26th Sunday in Ordinary Time Year B

     Do you believe that God loves you? For as hard as it may be to comprehend that the God of the universe, the one who created the world and has dominion over us would love us, there is no other option for “God is love”.[1] God didn’t have to create us. In fact He gained nothing by creating us, but He did so simply out of love. If that’s not enough to prove His love then all we need to do is look at the cross and realize He sent His only Son into the world to die for us. If that’s not convincing I don’t know what can be.

     While a nice thought, God’s love for us also has consequences for how we should live our life. For you see when we realize that God loves us, then we realize that He only wants what is best for us. Since God is our creator He knows perfectly what is best for us. Thus anytime we fall into sin we not only offend God, we harm ourselves. After all “God is only offended by us when we act against our own good.”[2] Like any good parent, God our Father has put into place certain Commandments and moral norms, not to hold us back, but rather to keep us from harming ourselves.

     Remember that in the beginning, God’s plan was for each of us to spend eternity with Him forever in heaven. Yet because God loves us He has to give us a choice, after all love cannot be forced. Love demands that we freely choose to love the other and we all know that “love does not exist in words or feelings but in deeds”[3] We can do everything to love someone, but they have to receive our love and reciprocate. Forced love it not love it is slavery. Jesus doesn’t call us His slaves, rather He calls us His friends and extends His love to us waiting for us to love Him in return. “That same love that demands freedom to exercise itself also seeks the curbs to limit it.”[4] True love then “always imposes restrictions on itself – for the sake of others.”[5]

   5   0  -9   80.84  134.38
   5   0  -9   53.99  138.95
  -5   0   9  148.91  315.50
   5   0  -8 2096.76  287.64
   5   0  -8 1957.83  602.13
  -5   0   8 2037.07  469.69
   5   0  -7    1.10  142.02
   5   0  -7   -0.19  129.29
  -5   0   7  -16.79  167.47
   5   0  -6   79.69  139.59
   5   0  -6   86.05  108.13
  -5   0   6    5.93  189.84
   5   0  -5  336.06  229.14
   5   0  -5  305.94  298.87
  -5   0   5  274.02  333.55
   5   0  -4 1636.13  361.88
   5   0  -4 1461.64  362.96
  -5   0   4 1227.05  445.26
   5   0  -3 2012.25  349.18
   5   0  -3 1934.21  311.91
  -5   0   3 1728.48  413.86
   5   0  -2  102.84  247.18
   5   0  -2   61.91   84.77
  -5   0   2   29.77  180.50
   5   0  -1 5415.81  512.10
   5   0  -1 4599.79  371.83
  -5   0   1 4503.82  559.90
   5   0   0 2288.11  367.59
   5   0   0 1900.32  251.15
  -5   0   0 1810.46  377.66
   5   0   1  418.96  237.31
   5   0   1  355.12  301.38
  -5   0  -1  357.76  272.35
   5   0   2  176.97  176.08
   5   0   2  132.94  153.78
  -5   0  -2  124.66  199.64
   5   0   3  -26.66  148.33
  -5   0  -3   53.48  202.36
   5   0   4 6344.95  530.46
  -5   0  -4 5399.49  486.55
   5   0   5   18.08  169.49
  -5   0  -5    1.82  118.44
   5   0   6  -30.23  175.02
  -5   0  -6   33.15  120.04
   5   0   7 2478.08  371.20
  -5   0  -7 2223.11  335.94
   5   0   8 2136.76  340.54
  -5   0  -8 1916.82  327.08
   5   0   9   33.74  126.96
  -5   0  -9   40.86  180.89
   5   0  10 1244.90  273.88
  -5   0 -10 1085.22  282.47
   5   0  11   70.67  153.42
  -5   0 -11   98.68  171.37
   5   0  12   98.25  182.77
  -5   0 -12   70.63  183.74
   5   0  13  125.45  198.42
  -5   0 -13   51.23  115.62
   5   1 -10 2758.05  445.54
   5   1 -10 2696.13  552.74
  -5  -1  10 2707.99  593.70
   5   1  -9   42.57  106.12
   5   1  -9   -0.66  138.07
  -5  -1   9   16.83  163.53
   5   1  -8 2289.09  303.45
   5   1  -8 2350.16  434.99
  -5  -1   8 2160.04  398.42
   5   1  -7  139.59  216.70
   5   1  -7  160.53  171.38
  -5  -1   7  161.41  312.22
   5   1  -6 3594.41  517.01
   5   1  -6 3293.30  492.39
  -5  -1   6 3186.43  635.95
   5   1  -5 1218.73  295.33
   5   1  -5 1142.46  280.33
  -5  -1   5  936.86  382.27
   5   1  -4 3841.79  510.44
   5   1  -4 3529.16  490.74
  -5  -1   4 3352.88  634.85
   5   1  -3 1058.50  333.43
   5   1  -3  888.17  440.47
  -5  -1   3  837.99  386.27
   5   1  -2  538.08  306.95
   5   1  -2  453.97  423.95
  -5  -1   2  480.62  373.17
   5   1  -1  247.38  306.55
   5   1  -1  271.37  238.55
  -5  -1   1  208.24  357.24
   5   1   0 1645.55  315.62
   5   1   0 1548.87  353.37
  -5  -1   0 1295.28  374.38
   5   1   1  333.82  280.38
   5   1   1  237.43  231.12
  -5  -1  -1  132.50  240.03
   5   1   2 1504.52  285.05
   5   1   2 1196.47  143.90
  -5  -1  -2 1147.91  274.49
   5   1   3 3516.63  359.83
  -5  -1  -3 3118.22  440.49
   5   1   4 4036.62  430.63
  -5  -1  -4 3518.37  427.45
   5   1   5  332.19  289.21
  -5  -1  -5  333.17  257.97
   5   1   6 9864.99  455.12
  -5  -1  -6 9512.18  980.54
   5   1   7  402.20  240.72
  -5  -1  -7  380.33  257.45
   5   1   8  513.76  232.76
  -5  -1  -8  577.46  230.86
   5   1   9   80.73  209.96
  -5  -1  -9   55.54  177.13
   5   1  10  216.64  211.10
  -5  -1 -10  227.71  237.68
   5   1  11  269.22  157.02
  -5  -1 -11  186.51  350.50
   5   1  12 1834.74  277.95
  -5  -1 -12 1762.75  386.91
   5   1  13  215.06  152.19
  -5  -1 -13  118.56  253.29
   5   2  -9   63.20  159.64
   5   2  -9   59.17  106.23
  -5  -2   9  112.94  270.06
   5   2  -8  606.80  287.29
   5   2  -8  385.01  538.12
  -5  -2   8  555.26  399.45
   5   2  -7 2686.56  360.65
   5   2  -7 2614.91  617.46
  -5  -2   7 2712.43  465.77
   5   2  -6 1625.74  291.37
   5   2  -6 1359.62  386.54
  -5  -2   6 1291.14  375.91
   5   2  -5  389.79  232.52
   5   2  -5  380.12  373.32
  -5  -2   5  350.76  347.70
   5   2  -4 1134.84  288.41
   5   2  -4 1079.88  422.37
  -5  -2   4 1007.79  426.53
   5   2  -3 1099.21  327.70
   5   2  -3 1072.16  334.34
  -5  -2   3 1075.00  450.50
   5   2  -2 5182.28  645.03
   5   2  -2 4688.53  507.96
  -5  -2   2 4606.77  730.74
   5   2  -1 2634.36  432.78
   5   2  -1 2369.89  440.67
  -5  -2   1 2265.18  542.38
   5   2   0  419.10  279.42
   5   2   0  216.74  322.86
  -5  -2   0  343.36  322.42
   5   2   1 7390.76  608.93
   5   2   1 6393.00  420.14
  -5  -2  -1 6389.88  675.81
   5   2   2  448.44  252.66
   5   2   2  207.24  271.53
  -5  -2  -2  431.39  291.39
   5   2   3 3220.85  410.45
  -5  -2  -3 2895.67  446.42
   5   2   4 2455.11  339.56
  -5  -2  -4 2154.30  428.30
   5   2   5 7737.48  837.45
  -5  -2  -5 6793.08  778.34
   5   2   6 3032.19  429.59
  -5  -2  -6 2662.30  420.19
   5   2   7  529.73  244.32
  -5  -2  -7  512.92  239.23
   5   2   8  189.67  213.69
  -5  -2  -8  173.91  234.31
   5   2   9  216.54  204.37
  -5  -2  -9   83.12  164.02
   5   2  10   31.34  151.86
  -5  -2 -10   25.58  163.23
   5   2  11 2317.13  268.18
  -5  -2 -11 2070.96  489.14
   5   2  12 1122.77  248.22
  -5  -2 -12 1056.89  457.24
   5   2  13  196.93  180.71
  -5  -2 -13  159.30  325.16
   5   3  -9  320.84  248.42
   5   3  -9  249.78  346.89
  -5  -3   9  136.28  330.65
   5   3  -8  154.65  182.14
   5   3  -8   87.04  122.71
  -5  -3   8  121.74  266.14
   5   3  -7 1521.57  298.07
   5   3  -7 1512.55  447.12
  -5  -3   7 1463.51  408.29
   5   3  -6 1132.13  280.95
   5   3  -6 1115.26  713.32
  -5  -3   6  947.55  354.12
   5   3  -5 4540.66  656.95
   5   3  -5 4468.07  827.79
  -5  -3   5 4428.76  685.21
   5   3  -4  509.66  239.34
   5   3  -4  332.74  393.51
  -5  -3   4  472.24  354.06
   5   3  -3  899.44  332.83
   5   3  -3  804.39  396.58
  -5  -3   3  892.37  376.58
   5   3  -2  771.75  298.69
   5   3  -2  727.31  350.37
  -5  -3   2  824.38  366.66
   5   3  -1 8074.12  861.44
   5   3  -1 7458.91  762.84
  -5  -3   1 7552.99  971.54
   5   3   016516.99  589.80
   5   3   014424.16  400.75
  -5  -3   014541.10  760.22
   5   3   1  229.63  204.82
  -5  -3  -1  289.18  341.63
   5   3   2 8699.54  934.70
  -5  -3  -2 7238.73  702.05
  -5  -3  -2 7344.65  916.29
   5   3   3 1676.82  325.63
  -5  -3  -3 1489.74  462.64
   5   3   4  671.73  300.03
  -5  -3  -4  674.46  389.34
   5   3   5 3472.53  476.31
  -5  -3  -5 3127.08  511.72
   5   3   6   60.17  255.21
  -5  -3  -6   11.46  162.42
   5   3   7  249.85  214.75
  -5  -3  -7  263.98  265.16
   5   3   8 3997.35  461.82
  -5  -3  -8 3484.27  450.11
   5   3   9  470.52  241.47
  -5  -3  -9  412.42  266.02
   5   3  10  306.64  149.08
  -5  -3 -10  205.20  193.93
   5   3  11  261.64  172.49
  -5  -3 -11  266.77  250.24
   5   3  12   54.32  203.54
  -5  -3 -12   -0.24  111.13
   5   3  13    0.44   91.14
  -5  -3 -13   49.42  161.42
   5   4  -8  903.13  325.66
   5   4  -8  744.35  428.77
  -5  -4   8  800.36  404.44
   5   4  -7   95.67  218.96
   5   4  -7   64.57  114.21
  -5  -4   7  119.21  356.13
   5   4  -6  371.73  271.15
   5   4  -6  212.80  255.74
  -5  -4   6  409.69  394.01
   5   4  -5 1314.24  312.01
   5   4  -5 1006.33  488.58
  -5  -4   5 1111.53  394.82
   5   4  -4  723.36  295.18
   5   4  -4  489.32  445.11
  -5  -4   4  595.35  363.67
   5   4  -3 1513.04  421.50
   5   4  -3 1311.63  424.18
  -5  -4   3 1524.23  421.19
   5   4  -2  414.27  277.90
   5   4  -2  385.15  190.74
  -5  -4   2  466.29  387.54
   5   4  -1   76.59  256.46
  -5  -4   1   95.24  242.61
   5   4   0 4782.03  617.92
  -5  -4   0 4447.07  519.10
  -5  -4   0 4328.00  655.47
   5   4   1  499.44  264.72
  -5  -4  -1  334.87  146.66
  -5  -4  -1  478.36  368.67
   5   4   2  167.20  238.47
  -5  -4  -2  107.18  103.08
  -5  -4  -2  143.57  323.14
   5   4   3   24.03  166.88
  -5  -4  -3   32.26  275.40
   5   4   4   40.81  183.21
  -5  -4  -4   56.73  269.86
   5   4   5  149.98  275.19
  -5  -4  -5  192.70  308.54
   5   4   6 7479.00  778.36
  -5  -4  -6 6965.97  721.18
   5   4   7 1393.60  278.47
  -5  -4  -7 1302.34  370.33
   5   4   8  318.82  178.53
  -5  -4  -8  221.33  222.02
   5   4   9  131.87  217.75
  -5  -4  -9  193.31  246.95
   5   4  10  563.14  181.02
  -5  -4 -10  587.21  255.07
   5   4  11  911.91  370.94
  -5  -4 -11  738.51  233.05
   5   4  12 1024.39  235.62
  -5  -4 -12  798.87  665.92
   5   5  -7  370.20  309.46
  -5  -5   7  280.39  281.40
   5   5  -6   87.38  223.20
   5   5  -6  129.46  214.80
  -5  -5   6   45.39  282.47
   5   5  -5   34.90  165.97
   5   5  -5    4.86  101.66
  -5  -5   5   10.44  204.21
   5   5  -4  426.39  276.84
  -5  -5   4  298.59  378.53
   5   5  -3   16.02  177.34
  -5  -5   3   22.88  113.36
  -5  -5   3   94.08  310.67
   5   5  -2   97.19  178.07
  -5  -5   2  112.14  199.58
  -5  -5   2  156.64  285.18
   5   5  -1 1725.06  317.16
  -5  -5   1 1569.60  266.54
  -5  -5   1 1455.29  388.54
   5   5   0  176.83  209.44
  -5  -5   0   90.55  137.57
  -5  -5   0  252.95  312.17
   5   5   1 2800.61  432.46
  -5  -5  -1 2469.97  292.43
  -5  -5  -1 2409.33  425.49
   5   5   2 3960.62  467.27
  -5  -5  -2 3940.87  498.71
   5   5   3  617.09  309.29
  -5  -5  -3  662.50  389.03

This is why in today’s Gospel Jesus tells us if our had causes us to sin we should cut it off or if our eye causes us to sin we should pluck it out. Of course Jesus is not speaking literally here. Rather he is using a common technique of his time and speaking in hyperbole, or in an exaggerated way to make his point. In using this exaggeration He makes His point very clear. We should avoid anything that leads us to commit sin. We should impose restrictions on ourselves to keep us from harming ourselves.

     So often we are very good about stopping to examine our conscience and see what our sins our, but today’s Gospel challenges us to go a step further and reflect on our lives to see what leads us in the wrong direction. To acknowledge our sins and then reflect to see what situations in our lives lead us to commit those sins.

     The famous Chinese general and war strategist, Sun Tzu, living 500 years before Christ said “attack is the secret of defense; defense is the planning of an attack.”[6] The best defense is a good offense. We need to go on the attack and root out those things in our life that cause us to sin.  What are the near occasions of sin for you? What are those things that often lead to sin in your life and how will you cut them out of your life?

     Friends, there is only one thing in the whole created world that God hates and that is sin. As his children, as the ones whom He loves, we are called to do everything in our power to avoid sin even if that requires great personal sacrifice. No sacrifice is too great if its protects us from hurting God and ourselves. Jesus calls us to stop at nothing to protect our relationship with our heavenly Father and to suffer anything for our own good. “Love casts out fear”[7] so then let us make those sacrifices we need to make to return love back to our heavenly father and trust that our sacrifices will lead to greater freedom in the life and the fulfillment of love in the life to come.

[1] 1 John 4:16

[2] Summa Contra Gentiles 3.122

[3] St. Faustina Kowalska. Diary of Saint Maria Faustina Kowalska. Stockbridge:Marian Press. (2011) Pg. 175.

[4] Fulton Sheen. The World’s First Love Mary, Mother of God. San Francisco: Ignatius Press, 2011. Pg 26

[5] Fulton Sheen. The World’s First Love Mary, Mother of God. San Francisco: Ignatius Press, 2011. Pg 29

[6] Sun Tzu The Art of War, Part III.

[7] St. Faustina Kowalska. Diary of Saint Maria Faustina  Kowalska. Stockbridge: Marian Press. (2011) Pg. 248.

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